VIENNA (Reuters) - Iran’s reluctance to discuss limits to its missile program in nuclear negotiations with world powers highlights the weapons’ strategic importance for a country facing U.S.-backed regional rivals boasting more modern arsenals.
But while it is not at the heart of the talks over Iran’s nuclear program, which center on the production of fissile material usable in atomic bombs, Tehran’s longer-range missiles could become one of several stumbling blocks ahead.
For the United States and its allies, they are a source of concern as they could potentially carry nuclear warheads. Washington wants the issue addressed in the quest for a comprehensive agreement in the decade-old nuclear dispute.
The Islamic Republic denies accusations that it is seeking the capability to make nuclear weapons. It insists that the missiles are part of its conventional armed forces and rules out including them on the agenda for the nuclear discussions.
Iran has one of the biggest missile programs in the Middle East, regarding such weapons as an important deterrent and retaliatory force against U.S. and other adversaries - primarily Gulf Arabs and Israel - in the region in the event of war.
“Iran will likely refuse to negotiate constraints on its missiles,” Michael Elleman, a senior fellow at the International Institute for Strategic Studies (IISS) think-tank, said.
“They represent one of Iran’s few capabilities to deter attack, intimidate regional rivals, and boost military morale and national pride.”
It was unclear whether the matter would come up during the latest round of negotiations between Iran and the six big powers - the United States, France, Germany, Britain, China and Russia - that got under way in Vienna on Tuesday.
Washington and Tehran earlier this year set out contrasting positions on whether missiles should be raised at all during talks on a long-term solution to Iran’s nuclear work that began in February and are supposed to yield an agreement by late July.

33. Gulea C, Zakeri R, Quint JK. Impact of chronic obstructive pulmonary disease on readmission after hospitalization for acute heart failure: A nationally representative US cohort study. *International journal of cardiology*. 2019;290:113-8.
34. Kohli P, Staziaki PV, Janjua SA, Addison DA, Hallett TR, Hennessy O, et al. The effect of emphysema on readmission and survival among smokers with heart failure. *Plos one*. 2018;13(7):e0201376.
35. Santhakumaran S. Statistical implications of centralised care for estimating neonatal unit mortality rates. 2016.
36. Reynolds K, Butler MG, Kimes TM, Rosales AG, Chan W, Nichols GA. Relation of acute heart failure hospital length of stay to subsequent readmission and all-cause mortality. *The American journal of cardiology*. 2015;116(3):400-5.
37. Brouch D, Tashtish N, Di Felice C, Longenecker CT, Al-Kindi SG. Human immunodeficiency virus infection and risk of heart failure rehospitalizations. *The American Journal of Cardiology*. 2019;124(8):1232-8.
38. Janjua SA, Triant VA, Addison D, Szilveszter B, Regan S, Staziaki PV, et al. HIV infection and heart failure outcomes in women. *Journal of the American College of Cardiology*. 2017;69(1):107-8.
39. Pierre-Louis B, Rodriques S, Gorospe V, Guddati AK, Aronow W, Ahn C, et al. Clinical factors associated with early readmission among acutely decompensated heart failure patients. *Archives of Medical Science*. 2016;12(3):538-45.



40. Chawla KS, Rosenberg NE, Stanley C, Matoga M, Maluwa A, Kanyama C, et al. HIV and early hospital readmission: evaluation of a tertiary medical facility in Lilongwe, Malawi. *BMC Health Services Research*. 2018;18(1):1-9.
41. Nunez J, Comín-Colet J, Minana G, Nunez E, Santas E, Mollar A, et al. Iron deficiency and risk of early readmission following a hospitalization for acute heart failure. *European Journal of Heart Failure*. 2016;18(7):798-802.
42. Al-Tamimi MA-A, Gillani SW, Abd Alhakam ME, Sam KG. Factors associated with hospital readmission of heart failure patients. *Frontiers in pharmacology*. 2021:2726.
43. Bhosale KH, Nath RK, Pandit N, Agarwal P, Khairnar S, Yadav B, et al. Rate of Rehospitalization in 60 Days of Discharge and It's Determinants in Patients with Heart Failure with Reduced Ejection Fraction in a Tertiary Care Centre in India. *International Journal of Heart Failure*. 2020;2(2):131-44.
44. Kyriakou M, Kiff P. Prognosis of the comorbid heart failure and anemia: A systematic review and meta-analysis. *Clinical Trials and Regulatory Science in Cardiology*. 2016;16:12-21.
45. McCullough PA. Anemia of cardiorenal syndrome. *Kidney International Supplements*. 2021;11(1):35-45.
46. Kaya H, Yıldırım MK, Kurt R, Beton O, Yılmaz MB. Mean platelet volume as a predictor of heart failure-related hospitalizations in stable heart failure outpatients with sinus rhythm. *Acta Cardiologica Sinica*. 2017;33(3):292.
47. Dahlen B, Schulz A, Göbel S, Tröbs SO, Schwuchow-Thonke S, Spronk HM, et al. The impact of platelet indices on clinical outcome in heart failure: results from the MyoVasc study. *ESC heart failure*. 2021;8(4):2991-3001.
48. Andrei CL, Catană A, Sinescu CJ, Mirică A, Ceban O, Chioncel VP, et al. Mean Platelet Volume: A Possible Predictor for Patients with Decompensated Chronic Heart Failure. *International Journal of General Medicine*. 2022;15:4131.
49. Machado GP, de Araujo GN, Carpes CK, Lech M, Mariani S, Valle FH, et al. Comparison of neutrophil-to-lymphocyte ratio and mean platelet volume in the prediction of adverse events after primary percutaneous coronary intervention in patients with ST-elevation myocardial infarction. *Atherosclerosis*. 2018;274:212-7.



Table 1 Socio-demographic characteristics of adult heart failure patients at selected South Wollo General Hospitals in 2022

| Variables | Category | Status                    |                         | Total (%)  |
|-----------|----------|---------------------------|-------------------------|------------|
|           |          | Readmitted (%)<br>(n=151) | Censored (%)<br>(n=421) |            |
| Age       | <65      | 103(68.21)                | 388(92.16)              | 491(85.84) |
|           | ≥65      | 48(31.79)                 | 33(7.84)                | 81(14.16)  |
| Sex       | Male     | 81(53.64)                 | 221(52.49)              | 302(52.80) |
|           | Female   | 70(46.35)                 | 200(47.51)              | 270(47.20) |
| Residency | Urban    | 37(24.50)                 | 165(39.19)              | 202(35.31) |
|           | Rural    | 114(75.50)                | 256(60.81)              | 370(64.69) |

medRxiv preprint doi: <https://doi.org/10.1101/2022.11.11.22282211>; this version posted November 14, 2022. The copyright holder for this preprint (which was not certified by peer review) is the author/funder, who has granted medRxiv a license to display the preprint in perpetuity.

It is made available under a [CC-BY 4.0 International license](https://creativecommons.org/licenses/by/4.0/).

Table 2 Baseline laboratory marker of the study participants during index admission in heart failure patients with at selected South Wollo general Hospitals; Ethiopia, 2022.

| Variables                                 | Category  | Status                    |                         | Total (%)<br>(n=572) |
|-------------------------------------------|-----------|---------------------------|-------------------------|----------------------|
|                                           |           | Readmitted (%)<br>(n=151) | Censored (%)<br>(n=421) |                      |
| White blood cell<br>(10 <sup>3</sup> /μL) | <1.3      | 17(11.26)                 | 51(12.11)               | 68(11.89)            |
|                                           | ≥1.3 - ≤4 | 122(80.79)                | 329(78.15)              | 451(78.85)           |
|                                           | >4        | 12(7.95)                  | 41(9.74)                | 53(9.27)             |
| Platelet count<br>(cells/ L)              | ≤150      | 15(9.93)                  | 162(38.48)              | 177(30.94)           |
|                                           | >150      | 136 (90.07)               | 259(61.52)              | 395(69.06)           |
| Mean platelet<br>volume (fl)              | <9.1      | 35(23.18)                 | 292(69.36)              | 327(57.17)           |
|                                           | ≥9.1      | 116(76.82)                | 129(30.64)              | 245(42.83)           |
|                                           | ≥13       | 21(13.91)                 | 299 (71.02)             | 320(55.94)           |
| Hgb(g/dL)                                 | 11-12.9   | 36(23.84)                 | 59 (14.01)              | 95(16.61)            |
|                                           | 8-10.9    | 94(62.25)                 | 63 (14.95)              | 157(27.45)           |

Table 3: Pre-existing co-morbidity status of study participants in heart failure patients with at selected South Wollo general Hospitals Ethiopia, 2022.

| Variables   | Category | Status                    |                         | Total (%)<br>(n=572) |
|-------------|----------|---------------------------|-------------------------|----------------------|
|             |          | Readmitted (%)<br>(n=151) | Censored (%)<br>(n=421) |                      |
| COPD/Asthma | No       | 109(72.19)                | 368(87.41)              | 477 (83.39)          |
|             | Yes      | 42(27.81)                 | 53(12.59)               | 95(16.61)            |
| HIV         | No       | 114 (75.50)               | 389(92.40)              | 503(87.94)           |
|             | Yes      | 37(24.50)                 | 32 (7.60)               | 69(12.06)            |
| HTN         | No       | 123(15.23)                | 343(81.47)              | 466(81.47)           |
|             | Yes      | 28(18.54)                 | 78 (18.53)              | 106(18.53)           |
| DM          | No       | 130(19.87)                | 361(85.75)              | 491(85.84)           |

Deputy Foreign Minister Abbas Araqchi, a senior member of Tehran’s negotiating team, was in February quoted by state media as saying Iran’s defense issues were not negotiable and it had no intention of discussing missile capabilities with the powers.
However, a senior U.S. official noted that a U.N. Security Council resolution adopted in 2010 banned all activity by Iran related to ballistic missiles capable of delivering nuclear weapons, and that “in some way, this will have to be addressed”.
Former senior U.S. State Department official Robert Einhorn, now at the Brookings think-tank, said there was “considerable logic” to tackling the ballistic missile issue in the context of what he called the nuclear weapons threat posed by Iran.
“Given the inaccuracy of early-generation, long-range ballistic missiles, such missiles only have military utility if they carry munitions with a very wide radius of destruction, mainly nuclear weapons,” Einhorn said in a new report.
Iran makes no secret of its missile development program, frequently announcing and televising the testing of new models with the apparent intent to show - for domestic and foreign audiences - its readiness to counter any enemy attacks.
Its efforts to develop and field ballistic missiles have helped drive billions of dollars of U.S. missile defense expenditure, and contributed to Israeli threats of possible pre-emptive military action against Iranian nuclear sites.